Just like any skill, there is a learning curve involved in creating effective communication. This involves the code written and the documentation of its usage. Writing functional code is a intricate thing to accomplish as a newbie. It takes time to know what is efficient and how to communicate it as such. Now, writing functional documentation is more complicated as there is a delicate balance between not reguritate what the code says, and giving usable pointers to the users on how a particular function was intended to be used. It also, keeps you in line as the coder practices by actively thinking about that balance. Thus you help yourself keeping it modular and simple. So here are a few tips on how to writing effective documentation.

1. Keep It Simple Stupid (KISS)

  • Simplicity always wins over an overly complicated explanation. If you can’t explain something in simple terms, try to break it down into smaller steps so that it can be communicated to your audience.

2. Define how the function works

  • Describing a function in one sentence can be difficult, however it gives the user of your code the ability to scan your functions and determine with ease which function they need to use for their project. If it takes more than a sentence to explain what the function is; there is a good chance it is a bloated function. Try to break your function down into smaller parts for improved readability and easier bug tracking.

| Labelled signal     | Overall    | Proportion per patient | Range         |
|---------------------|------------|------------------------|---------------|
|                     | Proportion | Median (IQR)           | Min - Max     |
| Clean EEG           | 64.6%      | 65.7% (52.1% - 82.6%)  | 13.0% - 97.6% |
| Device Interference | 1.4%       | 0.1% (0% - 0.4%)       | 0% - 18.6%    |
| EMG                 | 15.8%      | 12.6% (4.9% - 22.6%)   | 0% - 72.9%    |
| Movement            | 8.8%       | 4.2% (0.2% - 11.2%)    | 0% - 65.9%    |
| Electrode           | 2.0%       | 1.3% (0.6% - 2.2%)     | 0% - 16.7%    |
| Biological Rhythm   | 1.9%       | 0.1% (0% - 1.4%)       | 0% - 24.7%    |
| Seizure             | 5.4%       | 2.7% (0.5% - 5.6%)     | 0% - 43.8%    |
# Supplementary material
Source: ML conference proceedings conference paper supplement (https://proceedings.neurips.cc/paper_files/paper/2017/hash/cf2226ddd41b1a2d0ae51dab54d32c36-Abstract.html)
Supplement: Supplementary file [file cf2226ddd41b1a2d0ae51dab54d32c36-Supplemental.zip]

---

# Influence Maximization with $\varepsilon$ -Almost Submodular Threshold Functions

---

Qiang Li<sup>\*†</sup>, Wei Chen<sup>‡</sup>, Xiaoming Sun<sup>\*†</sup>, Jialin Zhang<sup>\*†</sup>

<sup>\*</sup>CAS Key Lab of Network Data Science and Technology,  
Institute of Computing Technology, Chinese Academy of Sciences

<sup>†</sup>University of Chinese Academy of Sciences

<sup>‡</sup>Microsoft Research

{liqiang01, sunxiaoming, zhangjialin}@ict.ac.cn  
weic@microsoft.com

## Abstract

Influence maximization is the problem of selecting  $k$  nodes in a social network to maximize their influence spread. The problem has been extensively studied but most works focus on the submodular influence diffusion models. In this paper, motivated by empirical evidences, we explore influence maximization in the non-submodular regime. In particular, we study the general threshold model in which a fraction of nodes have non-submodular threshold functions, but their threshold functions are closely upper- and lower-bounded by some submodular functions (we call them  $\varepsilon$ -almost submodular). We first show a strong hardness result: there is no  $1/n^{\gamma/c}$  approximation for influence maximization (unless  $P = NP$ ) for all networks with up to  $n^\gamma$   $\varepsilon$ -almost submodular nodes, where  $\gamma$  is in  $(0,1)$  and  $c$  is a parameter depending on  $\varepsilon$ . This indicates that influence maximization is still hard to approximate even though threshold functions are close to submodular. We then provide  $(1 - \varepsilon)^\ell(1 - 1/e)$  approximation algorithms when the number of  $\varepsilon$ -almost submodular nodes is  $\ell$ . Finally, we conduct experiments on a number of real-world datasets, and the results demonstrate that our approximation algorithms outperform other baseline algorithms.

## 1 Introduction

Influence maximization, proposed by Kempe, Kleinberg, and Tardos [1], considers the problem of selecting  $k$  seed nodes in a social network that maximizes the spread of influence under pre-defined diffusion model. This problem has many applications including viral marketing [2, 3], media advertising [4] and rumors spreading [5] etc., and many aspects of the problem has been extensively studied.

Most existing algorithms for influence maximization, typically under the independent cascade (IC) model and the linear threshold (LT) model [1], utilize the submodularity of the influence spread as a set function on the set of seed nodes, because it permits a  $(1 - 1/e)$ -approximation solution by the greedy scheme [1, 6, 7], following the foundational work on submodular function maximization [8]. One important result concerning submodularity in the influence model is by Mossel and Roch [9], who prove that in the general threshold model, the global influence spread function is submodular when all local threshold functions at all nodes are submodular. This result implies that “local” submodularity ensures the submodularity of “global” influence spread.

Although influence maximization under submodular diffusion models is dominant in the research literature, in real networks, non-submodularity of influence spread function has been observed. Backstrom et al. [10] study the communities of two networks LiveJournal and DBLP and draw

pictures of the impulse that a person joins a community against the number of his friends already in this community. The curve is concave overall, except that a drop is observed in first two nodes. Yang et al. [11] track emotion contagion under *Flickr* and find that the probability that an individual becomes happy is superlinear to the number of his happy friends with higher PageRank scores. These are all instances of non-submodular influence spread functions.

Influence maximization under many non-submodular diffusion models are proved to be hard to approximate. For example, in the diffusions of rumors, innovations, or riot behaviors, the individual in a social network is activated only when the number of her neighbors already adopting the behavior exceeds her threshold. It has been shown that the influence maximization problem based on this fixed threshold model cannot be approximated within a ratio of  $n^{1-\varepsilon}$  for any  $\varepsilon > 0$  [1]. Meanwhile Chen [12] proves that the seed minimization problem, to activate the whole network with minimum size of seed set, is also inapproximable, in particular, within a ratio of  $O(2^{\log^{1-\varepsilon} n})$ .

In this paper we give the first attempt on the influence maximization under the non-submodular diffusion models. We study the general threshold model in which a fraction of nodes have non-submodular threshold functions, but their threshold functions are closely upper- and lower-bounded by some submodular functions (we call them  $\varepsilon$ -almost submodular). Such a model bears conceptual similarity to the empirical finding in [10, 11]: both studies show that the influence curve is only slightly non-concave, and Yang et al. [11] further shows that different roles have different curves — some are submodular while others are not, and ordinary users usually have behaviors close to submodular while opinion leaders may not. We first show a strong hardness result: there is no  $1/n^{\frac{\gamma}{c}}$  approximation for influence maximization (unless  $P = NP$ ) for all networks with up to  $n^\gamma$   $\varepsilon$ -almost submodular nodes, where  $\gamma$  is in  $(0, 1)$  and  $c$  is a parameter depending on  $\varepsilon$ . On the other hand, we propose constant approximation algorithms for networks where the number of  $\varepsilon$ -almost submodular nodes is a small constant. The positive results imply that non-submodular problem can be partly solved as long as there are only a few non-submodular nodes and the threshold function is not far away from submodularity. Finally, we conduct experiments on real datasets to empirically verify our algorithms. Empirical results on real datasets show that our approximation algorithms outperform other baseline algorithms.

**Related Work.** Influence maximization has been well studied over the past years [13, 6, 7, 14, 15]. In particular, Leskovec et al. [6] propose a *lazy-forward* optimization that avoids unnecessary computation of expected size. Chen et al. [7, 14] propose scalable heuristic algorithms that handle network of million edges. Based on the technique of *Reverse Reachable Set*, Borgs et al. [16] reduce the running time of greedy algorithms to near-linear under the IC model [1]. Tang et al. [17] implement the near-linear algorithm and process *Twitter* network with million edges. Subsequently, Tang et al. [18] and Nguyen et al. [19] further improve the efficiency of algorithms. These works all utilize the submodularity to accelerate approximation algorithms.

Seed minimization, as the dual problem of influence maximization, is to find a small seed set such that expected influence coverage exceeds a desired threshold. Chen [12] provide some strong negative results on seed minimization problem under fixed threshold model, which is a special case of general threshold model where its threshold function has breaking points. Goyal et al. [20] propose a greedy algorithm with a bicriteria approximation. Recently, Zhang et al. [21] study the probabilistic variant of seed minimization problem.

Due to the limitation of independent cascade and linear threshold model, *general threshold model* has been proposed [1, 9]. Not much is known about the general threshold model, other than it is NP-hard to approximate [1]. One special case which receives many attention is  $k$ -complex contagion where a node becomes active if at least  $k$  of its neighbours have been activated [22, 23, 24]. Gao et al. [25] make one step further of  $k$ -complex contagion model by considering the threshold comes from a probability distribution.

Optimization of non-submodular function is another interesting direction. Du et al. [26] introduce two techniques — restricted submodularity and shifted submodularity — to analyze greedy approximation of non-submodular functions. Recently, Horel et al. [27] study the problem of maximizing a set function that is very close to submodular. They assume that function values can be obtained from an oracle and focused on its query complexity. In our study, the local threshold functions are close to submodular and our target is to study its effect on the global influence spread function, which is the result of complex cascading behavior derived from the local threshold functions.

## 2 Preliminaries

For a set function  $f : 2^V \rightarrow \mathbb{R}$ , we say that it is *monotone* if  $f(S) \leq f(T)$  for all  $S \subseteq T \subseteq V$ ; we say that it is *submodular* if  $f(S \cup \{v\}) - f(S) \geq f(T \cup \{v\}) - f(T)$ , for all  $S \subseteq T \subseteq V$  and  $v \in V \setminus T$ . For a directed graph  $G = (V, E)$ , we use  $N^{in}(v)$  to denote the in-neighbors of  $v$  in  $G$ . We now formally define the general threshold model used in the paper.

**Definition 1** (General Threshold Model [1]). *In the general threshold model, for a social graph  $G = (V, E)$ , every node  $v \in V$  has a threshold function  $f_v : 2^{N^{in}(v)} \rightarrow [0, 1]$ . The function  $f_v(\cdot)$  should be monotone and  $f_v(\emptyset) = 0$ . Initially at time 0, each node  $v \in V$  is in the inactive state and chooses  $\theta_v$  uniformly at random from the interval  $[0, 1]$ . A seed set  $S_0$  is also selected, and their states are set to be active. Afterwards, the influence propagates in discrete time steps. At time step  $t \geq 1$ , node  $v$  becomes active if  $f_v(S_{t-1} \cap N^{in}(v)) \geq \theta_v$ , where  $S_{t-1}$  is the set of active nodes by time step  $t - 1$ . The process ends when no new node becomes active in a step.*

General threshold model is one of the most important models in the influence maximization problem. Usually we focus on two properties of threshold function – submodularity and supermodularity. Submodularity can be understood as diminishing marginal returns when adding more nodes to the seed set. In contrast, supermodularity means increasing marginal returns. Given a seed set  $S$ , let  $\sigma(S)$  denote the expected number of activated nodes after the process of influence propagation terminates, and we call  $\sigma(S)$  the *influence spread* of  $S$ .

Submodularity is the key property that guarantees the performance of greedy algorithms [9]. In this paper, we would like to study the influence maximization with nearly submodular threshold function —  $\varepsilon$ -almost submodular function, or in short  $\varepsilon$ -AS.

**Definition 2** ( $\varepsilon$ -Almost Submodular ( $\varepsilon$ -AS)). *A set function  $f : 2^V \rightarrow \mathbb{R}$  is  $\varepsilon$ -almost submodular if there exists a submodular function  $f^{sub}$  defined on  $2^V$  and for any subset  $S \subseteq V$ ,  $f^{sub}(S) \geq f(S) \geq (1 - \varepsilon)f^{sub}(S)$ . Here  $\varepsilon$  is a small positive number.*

• Don’t write pseudo code comments; let the code read itself. If it can’t be read, that should indicate there is an easier way to write it.

3. Determine the parameter types

  • Document the class / type of data that is being passed into the function and name it in such a way that gives the reader a clear understanding of its function. This will help you when writing unit tests for these functions in the future. That way you will know what should work and run as a positive test and what shouldn’t.

4. Describe what the function should return

  • Again, you’d think it would be simple to remember. But, againn it should be a way to describe the type / class of data that is going to be returned. If you don’t know what the function should return; it is neigh impossible to know how you should use it’s result.

5. Dream up an implementation of the function

  • Now that you have defined the ins / outs of the function. Why not create a reproducible example of your function. This will give the your user the ability to see how it works and what they expect from a tried and true function.

All of these are suggestions and will vary from company to preference to individual. But the bottom line is, you will need a way to communicate your creation so that anyone can pick up what you have written and use it to further extend one’s own analysis or packages. Otherwise you will end up in the ghost town of a github repo that has never seen the light of day. Or have someone rewrite the same thing you have written.

Now how do we implement this in R?

Down here we find an implementaiton of these rules that have been pulled from the roxygen2 package. Above every function that is coded, you should have the following added. This will give you the ability to properly understand what and why you have written.

#' Add together two numbers
#' @param x A number
#' @param y A number
#' @return The sum of \code{x} and \code{y}
#' @examples
#' add(1, 1)
#' add(10, 1)